The U.S. Preventive Services Task Force published draft guidance last week recommending that doctors evaluate all patients under the age of 65 for signs of anxiety. The recommendations are intended to help primary care physicians diagnose patients suffering from anxiety disorders during preventive care visits. The proposal is open for public comment until October 17; however, the task force usually affirms its draft guidance.

NPR’s Michel Martin recently interviewed Lori Pbert, a member of the task force, clinical psychologist, and a professor at the University of Massachusetts Chan Medical School, on the recent draft recommendation.

Although the health panel began their research before the pandemic, Professor Pbert acknowledges that the findings are very timely, with employee mental health reaching a critical point due to pandemic-induced stress. The World Health Organization reported earlier this year that anxiety and depression increased by 25% during the first year of the pandemic. Pbert notes that anxiety disorders are among the most common mental health complaints, affecting about 40% of U.S. women at some point in their lives and more than one in four men.

Shortage Of Mental Health Services

Diagnosing anxiety disorders during the brief patient interactions afforded through routine care has long been a challenge for clinicians. One study cited by the task force found the median time for initiating treatment for anxiety is 23 years. Doctors are already asked to cover a wide range of conditions in what can be a packed 15-minute appointment. The panel is recommending targeted questionnaires and screening tools to determine if warning signs exist that would warrant a referral to a mental health specialist.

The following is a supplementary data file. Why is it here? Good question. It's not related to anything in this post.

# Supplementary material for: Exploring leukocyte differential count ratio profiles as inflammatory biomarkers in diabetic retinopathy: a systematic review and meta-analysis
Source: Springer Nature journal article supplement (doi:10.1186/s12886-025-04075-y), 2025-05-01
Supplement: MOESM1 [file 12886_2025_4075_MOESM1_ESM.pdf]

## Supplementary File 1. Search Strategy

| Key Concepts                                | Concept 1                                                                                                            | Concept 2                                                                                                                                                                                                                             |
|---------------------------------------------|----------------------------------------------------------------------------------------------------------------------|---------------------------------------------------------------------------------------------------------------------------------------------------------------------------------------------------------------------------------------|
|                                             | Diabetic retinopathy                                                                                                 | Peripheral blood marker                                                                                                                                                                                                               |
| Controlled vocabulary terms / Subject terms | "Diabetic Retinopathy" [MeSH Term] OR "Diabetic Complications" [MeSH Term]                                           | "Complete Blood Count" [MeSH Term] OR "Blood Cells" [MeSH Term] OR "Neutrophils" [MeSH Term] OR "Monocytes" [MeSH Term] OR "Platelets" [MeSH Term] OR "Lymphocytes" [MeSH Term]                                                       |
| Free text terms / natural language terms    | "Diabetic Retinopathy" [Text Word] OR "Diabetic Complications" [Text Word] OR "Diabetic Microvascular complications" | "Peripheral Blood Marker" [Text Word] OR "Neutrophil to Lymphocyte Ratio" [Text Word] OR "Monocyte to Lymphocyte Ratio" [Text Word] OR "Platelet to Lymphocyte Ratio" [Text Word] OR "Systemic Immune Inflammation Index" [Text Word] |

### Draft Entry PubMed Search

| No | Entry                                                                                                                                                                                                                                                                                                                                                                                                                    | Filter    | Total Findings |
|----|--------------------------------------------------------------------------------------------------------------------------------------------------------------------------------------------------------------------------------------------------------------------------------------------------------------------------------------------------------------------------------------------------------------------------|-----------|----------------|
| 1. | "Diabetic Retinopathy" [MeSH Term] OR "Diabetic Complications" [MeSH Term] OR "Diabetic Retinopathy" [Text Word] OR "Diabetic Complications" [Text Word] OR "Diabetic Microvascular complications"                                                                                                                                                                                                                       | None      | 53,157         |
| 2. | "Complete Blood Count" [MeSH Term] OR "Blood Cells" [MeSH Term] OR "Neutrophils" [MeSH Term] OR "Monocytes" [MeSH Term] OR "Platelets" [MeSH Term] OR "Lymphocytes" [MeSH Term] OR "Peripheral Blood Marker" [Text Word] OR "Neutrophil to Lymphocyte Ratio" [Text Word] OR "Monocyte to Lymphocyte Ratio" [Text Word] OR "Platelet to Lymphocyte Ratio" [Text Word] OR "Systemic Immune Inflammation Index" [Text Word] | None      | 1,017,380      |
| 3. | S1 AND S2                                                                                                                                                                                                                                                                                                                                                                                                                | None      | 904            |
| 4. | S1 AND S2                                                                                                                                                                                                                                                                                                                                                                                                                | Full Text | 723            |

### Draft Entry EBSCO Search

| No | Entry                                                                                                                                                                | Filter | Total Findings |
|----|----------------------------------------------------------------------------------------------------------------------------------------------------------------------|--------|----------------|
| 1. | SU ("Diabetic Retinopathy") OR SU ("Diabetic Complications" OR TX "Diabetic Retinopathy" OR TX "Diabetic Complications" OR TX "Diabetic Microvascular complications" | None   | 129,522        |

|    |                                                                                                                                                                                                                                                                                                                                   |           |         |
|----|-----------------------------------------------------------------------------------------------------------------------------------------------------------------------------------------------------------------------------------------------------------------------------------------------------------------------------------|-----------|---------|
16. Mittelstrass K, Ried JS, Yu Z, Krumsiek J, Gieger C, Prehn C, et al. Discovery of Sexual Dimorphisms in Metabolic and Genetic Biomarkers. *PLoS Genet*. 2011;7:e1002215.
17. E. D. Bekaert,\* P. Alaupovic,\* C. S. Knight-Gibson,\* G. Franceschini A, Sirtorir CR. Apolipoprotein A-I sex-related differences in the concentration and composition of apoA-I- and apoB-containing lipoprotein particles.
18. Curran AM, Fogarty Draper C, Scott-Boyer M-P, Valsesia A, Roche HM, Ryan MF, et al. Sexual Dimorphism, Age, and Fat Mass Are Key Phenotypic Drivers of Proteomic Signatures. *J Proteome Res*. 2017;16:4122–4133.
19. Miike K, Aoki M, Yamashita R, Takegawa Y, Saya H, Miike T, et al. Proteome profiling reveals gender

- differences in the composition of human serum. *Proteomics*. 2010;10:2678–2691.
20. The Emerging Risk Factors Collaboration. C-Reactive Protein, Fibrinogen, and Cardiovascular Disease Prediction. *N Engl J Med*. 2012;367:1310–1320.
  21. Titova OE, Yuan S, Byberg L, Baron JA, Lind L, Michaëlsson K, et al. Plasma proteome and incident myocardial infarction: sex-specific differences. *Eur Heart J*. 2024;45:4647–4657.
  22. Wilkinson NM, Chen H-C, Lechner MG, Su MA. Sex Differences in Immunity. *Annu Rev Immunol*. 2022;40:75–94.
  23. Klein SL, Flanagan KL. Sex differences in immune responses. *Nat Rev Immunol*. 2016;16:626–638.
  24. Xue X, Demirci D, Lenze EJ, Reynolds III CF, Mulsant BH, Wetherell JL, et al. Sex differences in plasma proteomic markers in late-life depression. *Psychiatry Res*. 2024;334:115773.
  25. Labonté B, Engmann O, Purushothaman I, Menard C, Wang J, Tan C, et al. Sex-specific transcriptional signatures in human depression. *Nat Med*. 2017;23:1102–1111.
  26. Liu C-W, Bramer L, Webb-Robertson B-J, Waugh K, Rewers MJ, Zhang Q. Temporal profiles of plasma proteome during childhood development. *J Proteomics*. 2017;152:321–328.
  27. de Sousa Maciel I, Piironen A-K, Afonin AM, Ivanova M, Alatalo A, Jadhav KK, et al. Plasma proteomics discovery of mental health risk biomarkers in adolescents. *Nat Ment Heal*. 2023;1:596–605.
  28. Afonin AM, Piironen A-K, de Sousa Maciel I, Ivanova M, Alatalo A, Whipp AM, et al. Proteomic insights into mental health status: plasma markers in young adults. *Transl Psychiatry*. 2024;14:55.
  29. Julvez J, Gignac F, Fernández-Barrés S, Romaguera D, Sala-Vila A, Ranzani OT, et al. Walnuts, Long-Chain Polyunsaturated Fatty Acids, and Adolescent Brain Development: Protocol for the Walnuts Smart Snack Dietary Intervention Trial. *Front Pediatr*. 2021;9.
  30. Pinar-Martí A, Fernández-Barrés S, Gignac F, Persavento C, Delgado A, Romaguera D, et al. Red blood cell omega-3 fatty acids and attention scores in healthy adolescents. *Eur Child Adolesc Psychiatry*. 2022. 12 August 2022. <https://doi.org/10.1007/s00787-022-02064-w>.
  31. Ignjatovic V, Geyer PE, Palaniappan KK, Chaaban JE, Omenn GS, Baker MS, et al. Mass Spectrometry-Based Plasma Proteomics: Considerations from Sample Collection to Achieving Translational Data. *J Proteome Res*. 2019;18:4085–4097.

One concern raised by the medical community is the potential for misdiagnosis, especially when there is already a shortage of mental health professionals. Professor Pbert acknowledges the importance of distinguishing between everyday concerns and those fears or worries that interfere with everyday activities, which is indicative of anxiety disorder.

A larger challenge is finding mental health services given the shortage of specialists. Patients have reported waiting months to meet with a therapist, and others are forced to weigh the potential benefits of therapy sessions with the relatively high cost of care.

What Employers Can Do To Help

Since anxiety screenings will be completed by primary care physicians, it is even more important to encourage employees to get their annual physical. Meeting with a doctor once per year ensures that employees undergo appropriate physical and mental health screenings and creates opportunities to develop a strong patient-physician relationship over time. Often, the completion of an annual physical is an integrated component of an employee wellness program.

Offering direct access to therapists as an employee benefit is another impactful strategy that can make a big difference for workers. Employees may find it easier to interact with a therapist virtually in the comfort of their own home.

Employers can also help educate employees on the importance of prioritizing self-care. A holistic program that engages employees in gratitude exercises, mindfulness classes, healthy sleep tips, and other dimensions of wellness can help workers manage stress and anxiety.

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